What you don't know can cost you.
So in talking about making the business case for dynamic case management (DCM), it's important to understand not just DCM's potential benefits for individual workflows and processes, but how it creates value for your overall organization.
Companies rarely bring new technologies in-house if they can't cost-justify the benefits. But typically, winning C-level support for case-management initiatives is more about customer experience and service—that is, providing the highest value as efficiently as possible—and less about cost reduction.
"We look at it as lifetime value," says Paul Blase, a principal in the PricewaterhouseCoopers advisory practice. "Business managers who view case management strictly in terms of cost look to save a penny, but in reality, lose a lot of business dollars."
After all, it's tough to concisely measure the cost of activities such as retaining customers, winning business proposals, providing exceptional patient care or meeting compliance or electronic-discovery requirements accurately and on time.
UNDERSTANDING CASE MANAGEMENT TODAY
Organizations have always had work that can be managed as cases: law cases, insurance claims, customer-service requests, financial audits, project support, loan negotiation, patient care and help-desk requests, among others.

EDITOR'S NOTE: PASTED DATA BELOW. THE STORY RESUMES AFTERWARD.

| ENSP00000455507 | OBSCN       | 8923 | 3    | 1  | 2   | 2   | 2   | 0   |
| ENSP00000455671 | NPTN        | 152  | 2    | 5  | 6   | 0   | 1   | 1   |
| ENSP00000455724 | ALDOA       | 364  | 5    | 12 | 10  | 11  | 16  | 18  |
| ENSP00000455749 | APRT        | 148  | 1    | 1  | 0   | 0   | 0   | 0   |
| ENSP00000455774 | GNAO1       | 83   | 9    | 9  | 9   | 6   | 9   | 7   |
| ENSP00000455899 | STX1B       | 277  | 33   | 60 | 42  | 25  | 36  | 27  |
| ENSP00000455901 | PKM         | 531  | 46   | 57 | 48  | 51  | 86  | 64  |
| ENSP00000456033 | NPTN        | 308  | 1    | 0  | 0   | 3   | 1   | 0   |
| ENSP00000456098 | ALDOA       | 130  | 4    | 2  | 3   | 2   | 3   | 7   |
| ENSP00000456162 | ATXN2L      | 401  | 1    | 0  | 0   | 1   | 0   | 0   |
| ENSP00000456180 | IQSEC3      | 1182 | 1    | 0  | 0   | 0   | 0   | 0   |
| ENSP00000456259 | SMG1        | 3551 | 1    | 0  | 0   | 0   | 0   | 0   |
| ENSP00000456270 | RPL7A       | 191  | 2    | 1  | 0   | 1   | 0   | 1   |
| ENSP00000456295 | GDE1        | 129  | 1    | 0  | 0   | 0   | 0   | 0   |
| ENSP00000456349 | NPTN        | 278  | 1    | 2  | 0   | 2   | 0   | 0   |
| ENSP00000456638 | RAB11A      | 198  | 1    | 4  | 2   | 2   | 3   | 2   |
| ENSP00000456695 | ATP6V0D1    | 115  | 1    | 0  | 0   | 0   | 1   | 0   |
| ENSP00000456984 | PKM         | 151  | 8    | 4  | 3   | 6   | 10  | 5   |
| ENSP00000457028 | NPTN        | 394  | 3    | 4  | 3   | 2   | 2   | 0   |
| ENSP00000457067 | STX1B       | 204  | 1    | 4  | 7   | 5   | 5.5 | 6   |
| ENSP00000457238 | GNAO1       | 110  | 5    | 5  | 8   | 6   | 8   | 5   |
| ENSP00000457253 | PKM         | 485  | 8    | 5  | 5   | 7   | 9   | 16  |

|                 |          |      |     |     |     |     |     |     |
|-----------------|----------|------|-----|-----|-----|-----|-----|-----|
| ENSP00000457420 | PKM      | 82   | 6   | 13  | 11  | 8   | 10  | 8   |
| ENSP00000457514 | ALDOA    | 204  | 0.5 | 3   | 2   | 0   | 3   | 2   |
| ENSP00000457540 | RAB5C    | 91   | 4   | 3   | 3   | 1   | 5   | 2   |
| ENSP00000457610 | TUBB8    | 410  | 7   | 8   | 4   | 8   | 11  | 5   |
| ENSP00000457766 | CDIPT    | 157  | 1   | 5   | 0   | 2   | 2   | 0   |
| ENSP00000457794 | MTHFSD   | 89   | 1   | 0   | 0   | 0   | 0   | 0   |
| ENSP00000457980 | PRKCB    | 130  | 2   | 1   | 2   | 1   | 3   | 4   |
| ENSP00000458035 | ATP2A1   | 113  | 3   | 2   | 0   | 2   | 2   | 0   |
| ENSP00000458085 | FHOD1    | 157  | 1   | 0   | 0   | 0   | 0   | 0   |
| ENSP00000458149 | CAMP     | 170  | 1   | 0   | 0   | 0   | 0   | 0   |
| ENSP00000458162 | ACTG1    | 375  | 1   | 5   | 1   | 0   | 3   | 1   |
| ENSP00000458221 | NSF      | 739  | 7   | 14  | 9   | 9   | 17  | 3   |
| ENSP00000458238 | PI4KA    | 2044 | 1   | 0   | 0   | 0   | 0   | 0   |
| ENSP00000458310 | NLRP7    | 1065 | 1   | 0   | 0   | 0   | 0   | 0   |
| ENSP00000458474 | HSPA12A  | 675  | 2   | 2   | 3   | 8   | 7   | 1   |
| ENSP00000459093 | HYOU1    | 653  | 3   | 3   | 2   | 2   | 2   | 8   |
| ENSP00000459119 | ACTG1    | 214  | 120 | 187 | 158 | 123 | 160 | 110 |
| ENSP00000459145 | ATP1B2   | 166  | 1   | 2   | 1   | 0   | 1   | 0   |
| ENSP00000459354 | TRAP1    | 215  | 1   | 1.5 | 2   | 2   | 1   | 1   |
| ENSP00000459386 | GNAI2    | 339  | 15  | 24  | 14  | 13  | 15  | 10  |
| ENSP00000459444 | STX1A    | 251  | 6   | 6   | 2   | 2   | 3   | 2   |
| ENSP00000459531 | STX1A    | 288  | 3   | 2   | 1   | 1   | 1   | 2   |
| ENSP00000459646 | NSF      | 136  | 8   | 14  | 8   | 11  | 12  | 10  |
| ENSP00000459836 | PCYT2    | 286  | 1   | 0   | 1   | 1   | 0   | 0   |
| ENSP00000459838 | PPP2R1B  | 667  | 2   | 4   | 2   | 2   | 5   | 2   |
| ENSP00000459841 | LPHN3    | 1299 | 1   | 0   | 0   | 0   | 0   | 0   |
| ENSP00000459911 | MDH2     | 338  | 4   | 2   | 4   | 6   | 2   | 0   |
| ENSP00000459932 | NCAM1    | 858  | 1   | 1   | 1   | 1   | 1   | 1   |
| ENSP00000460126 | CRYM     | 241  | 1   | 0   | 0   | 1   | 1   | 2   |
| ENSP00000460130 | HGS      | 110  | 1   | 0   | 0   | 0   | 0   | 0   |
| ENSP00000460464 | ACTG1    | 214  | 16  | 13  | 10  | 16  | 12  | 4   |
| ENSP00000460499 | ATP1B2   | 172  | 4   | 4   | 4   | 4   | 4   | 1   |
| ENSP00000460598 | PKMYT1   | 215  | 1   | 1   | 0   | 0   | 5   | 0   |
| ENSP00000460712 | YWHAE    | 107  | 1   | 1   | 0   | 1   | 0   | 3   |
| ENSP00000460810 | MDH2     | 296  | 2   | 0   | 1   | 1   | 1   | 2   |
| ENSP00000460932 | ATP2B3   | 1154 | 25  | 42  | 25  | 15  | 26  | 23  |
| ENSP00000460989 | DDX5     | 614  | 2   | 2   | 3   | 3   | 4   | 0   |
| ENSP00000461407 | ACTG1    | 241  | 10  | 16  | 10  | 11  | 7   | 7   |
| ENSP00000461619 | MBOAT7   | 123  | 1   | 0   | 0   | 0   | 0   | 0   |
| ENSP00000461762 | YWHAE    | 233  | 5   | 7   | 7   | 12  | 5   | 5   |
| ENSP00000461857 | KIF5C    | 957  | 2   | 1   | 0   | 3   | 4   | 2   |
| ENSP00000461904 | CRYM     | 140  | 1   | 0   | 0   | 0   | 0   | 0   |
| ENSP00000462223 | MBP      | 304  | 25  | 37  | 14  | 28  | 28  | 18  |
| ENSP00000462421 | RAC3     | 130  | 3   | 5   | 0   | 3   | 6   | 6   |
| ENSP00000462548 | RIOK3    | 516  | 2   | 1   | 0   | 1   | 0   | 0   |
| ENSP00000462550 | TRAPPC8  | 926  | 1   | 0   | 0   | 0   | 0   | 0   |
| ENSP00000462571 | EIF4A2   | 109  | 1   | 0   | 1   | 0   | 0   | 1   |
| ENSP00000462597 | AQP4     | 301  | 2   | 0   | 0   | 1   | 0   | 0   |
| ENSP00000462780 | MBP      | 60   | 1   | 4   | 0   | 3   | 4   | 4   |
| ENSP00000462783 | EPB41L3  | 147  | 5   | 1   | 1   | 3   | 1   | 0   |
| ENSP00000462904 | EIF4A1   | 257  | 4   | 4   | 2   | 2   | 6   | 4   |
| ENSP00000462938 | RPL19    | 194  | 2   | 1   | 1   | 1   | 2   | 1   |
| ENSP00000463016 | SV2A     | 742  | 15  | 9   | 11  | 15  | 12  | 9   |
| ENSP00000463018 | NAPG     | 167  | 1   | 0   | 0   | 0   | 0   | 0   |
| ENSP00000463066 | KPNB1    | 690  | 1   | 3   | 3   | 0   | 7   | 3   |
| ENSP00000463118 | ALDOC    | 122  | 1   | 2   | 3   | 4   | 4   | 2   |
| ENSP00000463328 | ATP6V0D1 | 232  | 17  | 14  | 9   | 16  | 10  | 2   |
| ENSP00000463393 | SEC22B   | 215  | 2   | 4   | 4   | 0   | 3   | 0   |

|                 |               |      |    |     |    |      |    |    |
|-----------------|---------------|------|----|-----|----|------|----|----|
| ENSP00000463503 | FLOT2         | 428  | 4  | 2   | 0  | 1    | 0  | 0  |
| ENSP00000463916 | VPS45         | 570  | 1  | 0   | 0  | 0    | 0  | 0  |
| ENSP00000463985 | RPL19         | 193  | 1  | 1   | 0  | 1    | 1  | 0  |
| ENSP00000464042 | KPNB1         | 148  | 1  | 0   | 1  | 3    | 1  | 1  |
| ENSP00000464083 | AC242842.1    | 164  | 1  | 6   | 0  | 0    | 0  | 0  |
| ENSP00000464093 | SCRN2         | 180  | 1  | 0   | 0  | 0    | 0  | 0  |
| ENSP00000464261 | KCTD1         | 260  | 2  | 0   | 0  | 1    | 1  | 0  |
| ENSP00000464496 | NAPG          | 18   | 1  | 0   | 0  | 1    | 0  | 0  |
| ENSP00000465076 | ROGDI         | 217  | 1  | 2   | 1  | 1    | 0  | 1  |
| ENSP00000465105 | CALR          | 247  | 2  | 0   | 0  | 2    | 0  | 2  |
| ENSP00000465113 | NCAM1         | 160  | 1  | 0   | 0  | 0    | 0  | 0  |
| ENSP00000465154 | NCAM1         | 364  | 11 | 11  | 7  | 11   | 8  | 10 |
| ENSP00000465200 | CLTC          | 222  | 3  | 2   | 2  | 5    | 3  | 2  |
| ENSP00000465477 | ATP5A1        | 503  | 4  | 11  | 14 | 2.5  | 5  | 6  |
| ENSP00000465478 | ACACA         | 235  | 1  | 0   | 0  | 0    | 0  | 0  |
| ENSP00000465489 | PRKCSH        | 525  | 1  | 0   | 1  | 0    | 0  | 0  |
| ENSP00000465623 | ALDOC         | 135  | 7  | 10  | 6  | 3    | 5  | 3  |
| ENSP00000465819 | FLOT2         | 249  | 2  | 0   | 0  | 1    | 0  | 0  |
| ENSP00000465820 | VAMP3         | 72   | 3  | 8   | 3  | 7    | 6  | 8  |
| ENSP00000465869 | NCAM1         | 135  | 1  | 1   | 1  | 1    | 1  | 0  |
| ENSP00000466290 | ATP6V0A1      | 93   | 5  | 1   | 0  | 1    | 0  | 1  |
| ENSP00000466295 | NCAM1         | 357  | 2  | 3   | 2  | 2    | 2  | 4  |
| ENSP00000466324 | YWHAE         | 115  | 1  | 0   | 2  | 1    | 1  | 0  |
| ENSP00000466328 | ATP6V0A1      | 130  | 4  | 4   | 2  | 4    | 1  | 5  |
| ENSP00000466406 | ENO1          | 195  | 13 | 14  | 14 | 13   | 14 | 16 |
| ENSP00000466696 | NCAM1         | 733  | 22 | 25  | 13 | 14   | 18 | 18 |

What distinguishes case management right now is that it's taking place in an era of people-driven processes (also known as knowledge work), often involving fewer employees tackling a broader range of work, with many tasks requiring some level of input from multiple people in an organization.
The Workflow Management Coalition, a global process-standards organization, outlines four main qualities of knowledge work: It's:
- Robust in the face of variable conditions
The end result: Each knowledge worker's job is ultimately unique and in a state of constant change. That's why today’s business approach to case management must be more agile, more holistic and more natural for each role than it's ever been before.
According to recent research involving 24 sectors in the U.S. economy, companies that find new ways to improve how they do knowledge work will outperform their peers. "They'll be able to respond faster, in real-time, and will be better positioned to compete than their peers," says Blase, of PricewaterhouseCoopers.